Is a will contestable in New York?

Unless you went to law school like we did, you’re probably like a majority of people across New York and only have a basic understanding of the law. Unfortunately, a basic understanding of the law does you little good when it comes to really important legal matters, such as drafting an estate plan. That’s because not knowing the specifics of the law means you are likely to make costly mistakes — ones that could be avoided if you fully understood the law or had obtained a lawyer’s services.

If you’re like a lot of our more frequent readers, then you may have found our blog because you were looking for information about the estate planning process. If this is the case for you, then you’ll want to keep reading because in today’s post, we’re going to answer a question that commonly comes up regarding estate plans:

Is a will contestable in New York?

The answer is yes. That’s because our state laws offer beneficiaries and loved ones of a decedent the opportunity to challenge what was or was not accounted for in a will. Called contesting a will, the process of challenging a will is intricate and requires extensive knowledge of the law. Because most people don’t know probate law forward and backward, getting a lawyer is considered a good idea in this instance.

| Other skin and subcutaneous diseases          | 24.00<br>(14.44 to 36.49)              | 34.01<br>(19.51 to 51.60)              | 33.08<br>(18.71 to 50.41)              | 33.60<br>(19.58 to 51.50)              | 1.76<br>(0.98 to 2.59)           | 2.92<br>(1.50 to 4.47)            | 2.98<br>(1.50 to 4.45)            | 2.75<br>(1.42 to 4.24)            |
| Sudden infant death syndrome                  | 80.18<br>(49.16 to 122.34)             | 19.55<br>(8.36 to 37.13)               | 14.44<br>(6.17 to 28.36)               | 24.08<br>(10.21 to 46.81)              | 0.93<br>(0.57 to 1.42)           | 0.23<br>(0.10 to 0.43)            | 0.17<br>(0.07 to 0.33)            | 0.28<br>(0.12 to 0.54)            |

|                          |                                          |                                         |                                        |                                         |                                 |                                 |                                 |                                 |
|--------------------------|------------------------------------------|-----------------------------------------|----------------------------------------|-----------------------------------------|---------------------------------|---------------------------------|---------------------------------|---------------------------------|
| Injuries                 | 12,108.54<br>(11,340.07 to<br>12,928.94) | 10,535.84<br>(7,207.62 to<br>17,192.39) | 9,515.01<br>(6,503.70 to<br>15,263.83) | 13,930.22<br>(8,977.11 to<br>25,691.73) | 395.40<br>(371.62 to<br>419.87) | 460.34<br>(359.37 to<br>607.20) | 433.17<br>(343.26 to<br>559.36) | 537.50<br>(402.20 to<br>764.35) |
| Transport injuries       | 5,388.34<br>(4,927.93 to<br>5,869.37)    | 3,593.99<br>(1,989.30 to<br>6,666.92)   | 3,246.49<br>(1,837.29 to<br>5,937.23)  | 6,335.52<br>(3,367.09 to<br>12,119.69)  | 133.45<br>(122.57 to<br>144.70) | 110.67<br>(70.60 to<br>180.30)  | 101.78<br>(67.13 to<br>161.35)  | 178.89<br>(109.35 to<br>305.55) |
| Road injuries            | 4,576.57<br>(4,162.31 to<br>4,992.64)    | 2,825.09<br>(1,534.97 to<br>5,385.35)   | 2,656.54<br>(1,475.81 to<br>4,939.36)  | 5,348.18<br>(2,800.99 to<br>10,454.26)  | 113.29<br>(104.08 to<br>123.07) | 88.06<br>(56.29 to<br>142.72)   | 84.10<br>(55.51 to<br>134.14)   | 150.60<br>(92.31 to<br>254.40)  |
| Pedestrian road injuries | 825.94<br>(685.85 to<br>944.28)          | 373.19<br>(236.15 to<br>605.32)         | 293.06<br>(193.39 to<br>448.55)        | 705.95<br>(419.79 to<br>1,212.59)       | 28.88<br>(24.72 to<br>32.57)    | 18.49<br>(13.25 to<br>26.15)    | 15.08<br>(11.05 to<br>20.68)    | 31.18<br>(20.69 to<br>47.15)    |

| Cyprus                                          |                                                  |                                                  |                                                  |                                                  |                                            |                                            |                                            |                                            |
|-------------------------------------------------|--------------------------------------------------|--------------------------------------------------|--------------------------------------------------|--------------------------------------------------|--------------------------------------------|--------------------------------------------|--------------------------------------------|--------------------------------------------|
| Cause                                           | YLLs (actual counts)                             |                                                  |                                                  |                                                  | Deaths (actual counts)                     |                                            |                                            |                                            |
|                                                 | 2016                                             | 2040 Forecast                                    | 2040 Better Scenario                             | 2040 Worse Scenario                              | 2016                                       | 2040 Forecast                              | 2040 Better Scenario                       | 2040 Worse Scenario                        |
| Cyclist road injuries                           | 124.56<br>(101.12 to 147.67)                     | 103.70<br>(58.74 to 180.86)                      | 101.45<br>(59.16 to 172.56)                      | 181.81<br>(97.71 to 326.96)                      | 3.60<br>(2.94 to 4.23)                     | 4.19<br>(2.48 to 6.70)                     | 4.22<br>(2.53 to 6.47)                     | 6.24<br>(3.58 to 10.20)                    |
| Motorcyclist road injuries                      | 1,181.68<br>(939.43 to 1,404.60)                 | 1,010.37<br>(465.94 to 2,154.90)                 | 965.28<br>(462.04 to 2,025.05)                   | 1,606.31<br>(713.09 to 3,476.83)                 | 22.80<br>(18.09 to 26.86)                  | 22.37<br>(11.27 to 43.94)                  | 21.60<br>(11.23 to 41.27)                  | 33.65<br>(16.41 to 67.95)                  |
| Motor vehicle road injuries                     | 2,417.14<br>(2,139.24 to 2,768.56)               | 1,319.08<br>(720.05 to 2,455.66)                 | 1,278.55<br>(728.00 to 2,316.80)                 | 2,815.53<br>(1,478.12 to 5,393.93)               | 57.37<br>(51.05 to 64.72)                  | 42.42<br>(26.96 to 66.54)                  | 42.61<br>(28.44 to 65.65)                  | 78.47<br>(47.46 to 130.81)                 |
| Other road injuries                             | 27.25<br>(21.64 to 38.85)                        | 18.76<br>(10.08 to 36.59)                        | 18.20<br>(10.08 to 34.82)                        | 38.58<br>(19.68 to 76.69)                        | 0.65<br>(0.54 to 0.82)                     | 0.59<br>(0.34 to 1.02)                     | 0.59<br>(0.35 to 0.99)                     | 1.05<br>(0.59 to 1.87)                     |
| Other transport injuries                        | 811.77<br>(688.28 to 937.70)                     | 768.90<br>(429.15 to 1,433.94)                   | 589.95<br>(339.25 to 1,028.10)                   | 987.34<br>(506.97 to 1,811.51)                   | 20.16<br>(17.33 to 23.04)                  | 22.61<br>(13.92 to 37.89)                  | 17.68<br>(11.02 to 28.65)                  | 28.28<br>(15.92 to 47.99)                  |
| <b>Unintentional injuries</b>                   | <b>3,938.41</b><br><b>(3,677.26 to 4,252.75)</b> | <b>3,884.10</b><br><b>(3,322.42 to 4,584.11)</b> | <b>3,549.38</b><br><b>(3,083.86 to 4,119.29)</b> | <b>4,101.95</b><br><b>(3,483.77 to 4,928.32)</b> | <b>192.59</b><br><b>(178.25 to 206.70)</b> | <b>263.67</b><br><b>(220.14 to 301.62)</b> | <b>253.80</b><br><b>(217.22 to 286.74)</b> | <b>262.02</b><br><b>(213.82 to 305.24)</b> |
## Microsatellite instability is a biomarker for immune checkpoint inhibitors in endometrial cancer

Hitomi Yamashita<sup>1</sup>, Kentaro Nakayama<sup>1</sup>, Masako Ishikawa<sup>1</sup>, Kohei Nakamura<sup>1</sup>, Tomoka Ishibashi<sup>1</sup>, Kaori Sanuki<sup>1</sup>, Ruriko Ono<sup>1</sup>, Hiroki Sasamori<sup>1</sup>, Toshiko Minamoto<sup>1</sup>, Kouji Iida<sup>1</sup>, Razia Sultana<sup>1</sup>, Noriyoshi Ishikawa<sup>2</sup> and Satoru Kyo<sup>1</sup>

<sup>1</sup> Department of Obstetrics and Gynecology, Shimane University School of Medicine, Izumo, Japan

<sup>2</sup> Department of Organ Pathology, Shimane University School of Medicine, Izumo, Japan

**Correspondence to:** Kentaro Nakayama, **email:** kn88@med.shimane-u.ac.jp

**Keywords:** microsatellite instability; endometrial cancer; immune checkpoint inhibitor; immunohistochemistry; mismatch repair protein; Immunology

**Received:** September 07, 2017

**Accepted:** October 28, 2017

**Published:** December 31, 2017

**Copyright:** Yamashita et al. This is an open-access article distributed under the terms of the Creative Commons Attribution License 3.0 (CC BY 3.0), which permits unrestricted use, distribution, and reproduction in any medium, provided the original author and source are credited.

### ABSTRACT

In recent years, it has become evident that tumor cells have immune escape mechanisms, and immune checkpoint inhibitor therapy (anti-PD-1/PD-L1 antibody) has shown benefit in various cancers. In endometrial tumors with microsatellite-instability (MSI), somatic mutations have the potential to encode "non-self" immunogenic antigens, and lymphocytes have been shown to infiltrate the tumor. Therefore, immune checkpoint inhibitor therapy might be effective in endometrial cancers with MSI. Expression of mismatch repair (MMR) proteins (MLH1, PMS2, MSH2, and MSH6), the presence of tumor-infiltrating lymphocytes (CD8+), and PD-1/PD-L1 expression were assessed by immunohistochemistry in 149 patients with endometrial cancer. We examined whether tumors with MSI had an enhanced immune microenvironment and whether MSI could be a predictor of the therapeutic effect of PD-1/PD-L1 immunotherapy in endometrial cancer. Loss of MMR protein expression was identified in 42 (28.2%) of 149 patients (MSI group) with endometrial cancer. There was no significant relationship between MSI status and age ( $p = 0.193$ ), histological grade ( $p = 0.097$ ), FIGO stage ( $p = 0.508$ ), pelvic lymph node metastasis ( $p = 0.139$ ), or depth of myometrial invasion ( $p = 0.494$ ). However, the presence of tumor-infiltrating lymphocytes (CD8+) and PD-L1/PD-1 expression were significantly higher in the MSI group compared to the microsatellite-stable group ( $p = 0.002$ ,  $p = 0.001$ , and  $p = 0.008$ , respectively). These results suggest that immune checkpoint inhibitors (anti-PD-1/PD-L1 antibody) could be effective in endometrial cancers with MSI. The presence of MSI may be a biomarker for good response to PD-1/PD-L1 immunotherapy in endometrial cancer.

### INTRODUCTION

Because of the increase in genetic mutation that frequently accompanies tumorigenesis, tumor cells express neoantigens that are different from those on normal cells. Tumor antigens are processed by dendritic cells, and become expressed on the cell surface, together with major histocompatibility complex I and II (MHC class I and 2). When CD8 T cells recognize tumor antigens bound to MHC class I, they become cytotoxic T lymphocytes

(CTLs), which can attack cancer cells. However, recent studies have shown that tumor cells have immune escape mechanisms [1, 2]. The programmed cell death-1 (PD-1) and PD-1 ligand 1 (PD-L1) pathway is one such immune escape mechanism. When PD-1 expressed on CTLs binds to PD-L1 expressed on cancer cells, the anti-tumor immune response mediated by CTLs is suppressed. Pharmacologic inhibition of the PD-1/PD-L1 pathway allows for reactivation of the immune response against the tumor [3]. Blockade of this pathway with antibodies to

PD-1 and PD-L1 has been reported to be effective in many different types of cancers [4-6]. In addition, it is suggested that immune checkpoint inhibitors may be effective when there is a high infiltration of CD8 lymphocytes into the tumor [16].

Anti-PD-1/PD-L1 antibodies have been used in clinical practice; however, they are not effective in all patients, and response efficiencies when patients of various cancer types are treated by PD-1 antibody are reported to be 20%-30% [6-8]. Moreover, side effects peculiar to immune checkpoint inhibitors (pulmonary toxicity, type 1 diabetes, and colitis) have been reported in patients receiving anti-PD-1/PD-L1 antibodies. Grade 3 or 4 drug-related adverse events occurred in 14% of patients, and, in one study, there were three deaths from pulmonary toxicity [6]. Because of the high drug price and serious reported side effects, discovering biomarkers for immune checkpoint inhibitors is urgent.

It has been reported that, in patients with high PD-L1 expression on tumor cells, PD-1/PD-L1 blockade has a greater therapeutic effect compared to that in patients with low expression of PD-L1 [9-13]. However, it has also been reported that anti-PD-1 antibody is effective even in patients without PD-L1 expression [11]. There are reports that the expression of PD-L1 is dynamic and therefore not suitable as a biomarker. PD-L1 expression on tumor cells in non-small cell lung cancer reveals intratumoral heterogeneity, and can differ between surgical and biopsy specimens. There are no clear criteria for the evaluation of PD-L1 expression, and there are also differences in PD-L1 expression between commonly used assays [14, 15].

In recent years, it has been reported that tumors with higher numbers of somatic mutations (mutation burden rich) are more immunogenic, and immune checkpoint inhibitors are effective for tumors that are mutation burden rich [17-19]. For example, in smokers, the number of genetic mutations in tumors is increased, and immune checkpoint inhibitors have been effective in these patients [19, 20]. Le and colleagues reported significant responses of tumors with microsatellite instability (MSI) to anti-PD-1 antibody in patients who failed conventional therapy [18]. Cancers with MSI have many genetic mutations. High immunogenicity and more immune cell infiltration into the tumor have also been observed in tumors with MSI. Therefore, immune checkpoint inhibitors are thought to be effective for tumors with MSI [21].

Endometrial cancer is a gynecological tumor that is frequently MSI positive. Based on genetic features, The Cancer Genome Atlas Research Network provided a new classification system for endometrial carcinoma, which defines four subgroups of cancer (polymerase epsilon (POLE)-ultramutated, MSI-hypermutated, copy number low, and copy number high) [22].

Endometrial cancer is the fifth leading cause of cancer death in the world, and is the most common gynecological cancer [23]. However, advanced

In a post earlier this year, as some of our frequent Brooklyn readers may remember, we discussed ways in which a testator can help mitigate the chances of having their will contested after they pass on. But as you can probably imagine, there are times in which contesting a will may be necessary, such as:

  • If a testator drafts their will under duress
  • If they lack the mental capacity to effectively draw up a will
  • If they are under undue influence
  • If they do not draft a will in accordance with state law

As we said above, contesting a will is not a process most people are affluent in. A skilled estate planning attorney is though, which is why contacting one prior to litigation is never a bad idea.

Source: The New York Bar Association, “Will Contests,” Accessed July 1, 2015

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